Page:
On Thu, May 23, 2013 at 8:48 AM, Ruffian Eo <ruffia...@googlemail.com>wrote:

> I am currently updating my years old implementation of protocol buffers
> for my company. Handwritten parser and code generators etc...
> So while reviewing the current state of the art, I was taken by surprise
> when I saw the (for me) new "import public" construct.
>
> Maybe what is written about this construct is not sufficient on the
> documentation page (It only gives a rather esoteric "dummy-header" example
> at the time of writing this topic).
> Semantics beyond that example can only be guessed.
>
> Let's assume there are 3 .proto files:
>
> // File A.proto
> package A;
>
> message Base
> {
>   required string hello = 1;
> }
>
> // File B.proto
> package B;
> import "A.proto";
>
> message UsesABbase
> {
>   required A.Base greeting = 1;  // legal or only legal if above "import
> public "A.proto";?
>   required string something_else = 2;
> }
>
> // File C.proto
> import "B.proto";
>
> message MyMessage
> {
>   required B.UsesABase my_element = 1;
>
"import public" works exactly like "#include" in C while "import" doesn't.
Here you can't define "optional A.Base a_element = 2" as you only imported
B.proto and you can only use symbols exposed by B.proto. To use symbols
defined in A.proto, you need to import A.proto directly or let B.proto
"import public A.proto".


> }
>
> Given that B imported (contrary to import public) A.proto and used A.Base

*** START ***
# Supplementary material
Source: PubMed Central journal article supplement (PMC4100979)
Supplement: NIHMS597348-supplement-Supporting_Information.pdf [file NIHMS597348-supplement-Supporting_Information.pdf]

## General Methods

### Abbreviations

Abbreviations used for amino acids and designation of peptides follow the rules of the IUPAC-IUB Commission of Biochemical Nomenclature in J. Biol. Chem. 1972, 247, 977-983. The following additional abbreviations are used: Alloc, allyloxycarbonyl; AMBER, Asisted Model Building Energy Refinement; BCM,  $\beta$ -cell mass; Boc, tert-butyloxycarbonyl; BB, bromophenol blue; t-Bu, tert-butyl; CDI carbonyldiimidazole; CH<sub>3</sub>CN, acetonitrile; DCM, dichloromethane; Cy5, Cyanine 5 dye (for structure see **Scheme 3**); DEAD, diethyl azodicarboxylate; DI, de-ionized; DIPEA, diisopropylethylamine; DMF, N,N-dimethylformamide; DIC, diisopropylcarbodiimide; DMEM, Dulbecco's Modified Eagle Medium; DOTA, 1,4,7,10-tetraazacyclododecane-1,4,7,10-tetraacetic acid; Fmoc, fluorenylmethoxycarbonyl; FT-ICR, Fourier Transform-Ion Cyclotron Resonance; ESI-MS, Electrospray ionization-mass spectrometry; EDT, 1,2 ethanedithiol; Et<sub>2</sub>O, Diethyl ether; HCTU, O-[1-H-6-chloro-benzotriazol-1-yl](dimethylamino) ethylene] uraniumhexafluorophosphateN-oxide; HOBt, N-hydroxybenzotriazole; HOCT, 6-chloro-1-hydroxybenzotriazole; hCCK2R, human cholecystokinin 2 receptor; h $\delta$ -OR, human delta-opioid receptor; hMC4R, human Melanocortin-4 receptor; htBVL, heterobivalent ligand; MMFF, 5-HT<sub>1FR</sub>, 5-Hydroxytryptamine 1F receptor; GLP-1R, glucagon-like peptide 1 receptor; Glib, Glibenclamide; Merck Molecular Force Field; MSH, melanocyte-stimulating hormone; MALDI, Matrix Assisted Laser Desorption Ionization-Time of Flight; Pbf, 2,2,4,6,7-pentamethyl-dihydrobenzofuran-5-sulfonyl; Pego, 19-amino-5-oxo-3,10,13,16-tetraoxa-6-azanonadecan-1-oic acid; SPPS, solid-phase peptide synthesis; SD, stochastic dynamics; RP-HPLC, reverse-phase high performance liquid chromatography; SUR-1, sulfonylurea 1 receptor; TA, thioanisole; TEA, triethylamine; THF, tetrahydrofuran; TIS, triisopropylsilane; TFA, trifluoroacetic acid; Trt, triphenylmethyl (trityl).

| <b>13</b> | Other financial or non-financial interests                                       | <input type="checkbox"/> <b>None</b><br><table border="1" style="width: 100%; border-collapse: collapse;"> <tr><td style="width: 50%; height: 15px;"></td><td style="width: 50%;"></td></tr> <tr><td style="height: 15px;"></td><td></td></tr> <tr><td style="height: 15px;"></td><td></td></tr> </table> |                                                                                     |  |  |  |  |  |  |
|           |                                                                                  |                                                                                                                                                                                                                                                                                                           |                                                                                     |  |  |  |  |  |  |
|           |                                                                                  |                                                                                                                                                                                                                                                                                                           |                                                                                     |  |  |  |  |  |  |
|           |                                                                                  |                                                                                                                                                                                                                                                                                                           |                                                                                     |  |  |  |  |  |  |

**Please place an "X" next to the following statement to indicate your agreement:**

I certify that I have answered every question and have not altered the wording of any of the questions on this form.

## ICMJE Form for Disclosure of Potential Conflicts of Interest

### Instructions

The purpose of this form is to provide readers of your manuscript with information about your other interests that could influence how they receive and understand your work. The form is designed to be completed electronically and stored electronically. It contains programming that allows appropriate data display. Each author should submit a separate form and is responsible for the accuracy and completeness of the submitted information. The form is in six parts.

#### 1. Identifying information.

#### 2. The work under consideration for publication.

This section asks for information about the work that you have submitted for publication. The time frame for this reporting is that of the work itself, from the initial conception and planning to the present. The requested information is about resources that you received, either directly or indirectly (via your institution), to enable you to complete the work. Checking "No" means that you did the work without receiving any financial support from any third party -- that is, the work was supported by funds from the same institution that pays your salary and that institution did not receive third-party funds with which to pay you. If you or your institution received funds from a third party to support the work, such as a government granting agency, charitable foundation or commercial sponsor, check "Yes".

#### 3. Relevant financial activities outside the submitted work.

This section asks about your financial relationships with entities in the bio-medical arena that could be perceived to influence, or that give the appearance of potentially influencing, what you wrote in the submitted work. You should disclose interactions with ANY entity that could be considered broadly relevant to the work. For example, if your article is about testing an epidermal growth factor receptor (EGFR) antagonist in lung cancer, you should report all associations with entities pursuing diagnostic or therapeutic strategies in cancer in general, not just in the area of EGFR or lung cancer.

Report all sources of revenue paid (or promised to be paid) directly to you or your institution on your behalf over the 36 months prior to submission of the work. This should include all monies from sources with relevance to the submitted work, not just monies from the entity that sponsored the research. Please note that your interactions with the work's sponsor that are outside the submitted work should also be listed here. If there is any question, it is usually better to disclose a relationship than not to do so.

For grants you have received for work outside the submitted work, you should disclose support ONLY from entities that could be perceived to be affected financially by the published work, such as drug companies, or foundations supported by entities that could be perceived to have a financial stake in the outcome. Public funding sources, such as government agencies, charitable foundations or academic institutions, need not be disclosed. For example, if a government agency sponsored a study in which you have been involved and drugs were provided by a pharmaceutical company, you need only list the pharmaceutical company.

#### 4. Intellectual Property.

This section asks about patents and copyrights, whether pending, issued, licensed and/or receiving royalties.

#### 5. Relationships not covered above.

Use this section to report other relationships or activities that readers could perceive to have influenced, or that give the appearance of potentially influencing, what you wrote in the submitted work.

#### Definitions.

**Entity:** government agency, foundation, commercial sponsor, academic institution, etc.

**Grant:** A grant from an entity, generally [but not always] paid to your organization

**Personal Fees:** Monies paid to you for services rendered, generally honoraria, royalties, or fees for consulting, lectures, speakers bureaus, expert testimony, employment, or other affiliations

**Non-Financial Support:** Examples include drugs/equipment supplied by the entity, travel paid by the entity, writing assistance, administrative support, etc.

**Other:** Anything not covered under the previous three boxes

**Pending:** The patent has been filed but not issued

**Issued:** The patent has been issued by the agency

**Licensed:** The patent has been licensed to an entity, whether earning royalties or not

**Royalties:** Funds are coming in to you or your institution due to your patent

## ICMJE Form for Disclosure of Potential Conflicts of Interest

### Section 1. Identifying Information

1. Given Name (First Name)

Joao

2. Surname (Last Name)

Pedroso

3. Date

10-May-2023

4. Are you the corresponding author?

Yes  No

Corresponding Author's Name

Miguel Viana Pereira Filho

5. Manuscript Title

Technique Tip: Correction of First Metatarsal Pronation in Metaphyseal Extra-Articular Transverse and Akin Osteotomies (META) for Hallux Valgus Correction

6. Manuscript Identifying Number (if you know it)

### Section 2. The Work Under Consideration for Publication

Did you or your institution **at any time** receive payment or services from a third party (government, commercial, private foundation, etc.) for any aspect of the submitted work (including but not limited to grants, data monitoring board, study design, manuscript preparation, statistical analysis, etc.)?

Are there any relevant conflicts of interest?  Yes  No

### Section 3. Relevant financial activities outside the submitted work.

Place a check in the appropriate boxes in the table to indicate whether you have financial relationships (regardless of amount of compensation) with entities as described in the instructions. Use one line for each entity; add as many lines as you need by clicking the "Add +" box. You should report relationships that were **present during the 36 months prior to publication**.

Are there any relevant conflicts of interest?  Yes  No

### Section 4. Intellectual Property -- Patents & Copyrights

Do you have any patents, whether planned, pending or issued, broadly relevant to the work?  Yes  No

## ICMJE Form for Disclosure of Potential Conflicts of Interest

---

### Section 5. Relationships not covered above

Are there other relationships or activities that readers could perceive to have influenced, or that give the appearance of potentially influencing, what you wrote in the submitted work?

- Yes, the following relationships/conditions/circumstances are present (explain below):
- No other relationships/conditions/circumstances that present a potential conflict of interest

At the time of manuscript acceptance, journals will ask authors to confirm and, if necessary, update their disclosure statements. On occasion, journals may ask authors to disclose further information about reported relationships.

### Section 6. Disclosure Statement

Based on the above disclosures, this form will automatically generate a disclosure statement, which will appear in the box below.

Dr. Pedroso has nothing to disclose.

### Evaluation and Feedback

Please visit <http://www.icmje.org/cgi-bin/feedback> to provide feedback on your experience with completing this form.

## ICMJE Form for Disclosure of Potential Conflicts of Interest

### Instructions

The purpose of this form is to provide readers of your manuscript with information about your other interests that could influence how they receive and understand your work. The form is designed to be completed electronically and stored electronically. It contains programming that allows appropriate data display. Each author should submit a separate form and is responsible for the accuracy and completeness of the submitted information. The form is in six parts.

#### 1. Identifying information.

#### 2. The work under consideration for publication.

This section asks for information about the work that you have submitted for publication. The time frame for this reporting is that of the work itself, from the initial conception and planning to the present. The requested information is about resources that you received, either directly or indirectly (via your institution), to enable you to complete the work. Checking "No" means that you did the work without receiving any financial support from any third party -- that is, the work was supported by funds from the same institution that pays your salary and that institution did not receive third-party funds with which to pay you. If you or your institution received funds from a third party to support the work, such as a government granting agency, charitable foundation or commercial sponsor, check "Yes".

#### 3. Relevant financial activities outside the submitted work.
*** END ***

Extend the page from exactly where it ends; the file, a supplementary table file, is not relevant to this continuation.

> for the definition of B.UsesABase message, is this a legal scenario?
> When would B.proto do a "private import"? Is there any useful scenario if
> the above sample is not legal?
> Why was import public added instead of a "import private" statement with
> import being as it used to be? (like #include in c) and "import private"
> having a new meaning?
>
> I am not sure if I am happy about "import public" at all. To me it looks
> like a "fix in the wrong place", trying to avoid cyclic includes or
> something.
> I also see no profit of this new feature if it comes to generated (c++)
> code: the generated headers still have to be added to the #includes of each
> header file.
> Imho, in both cases, the include list of C.proto and B.proto -> .h files
> looks exactly the same, no matter if B.proto wrote import "A.proto" or
> import public "A.proto".
>
> I guess my tool chain will simply treat import public just like import and
> check for cyclic imports and handle it as if on top of each .proto stood
> "#pragma once" ;)
>
> Constructive comments and scenarios where import public can be beneficial
> are welcome!
>
I think it's that you already implemented "import" the same way as what
"import public" should be (i.e., like #include in c).


>
> Sidenote: Is import "subfolder\XY.proto"; (with backslash) a legal
> statement?
>
>
>
>
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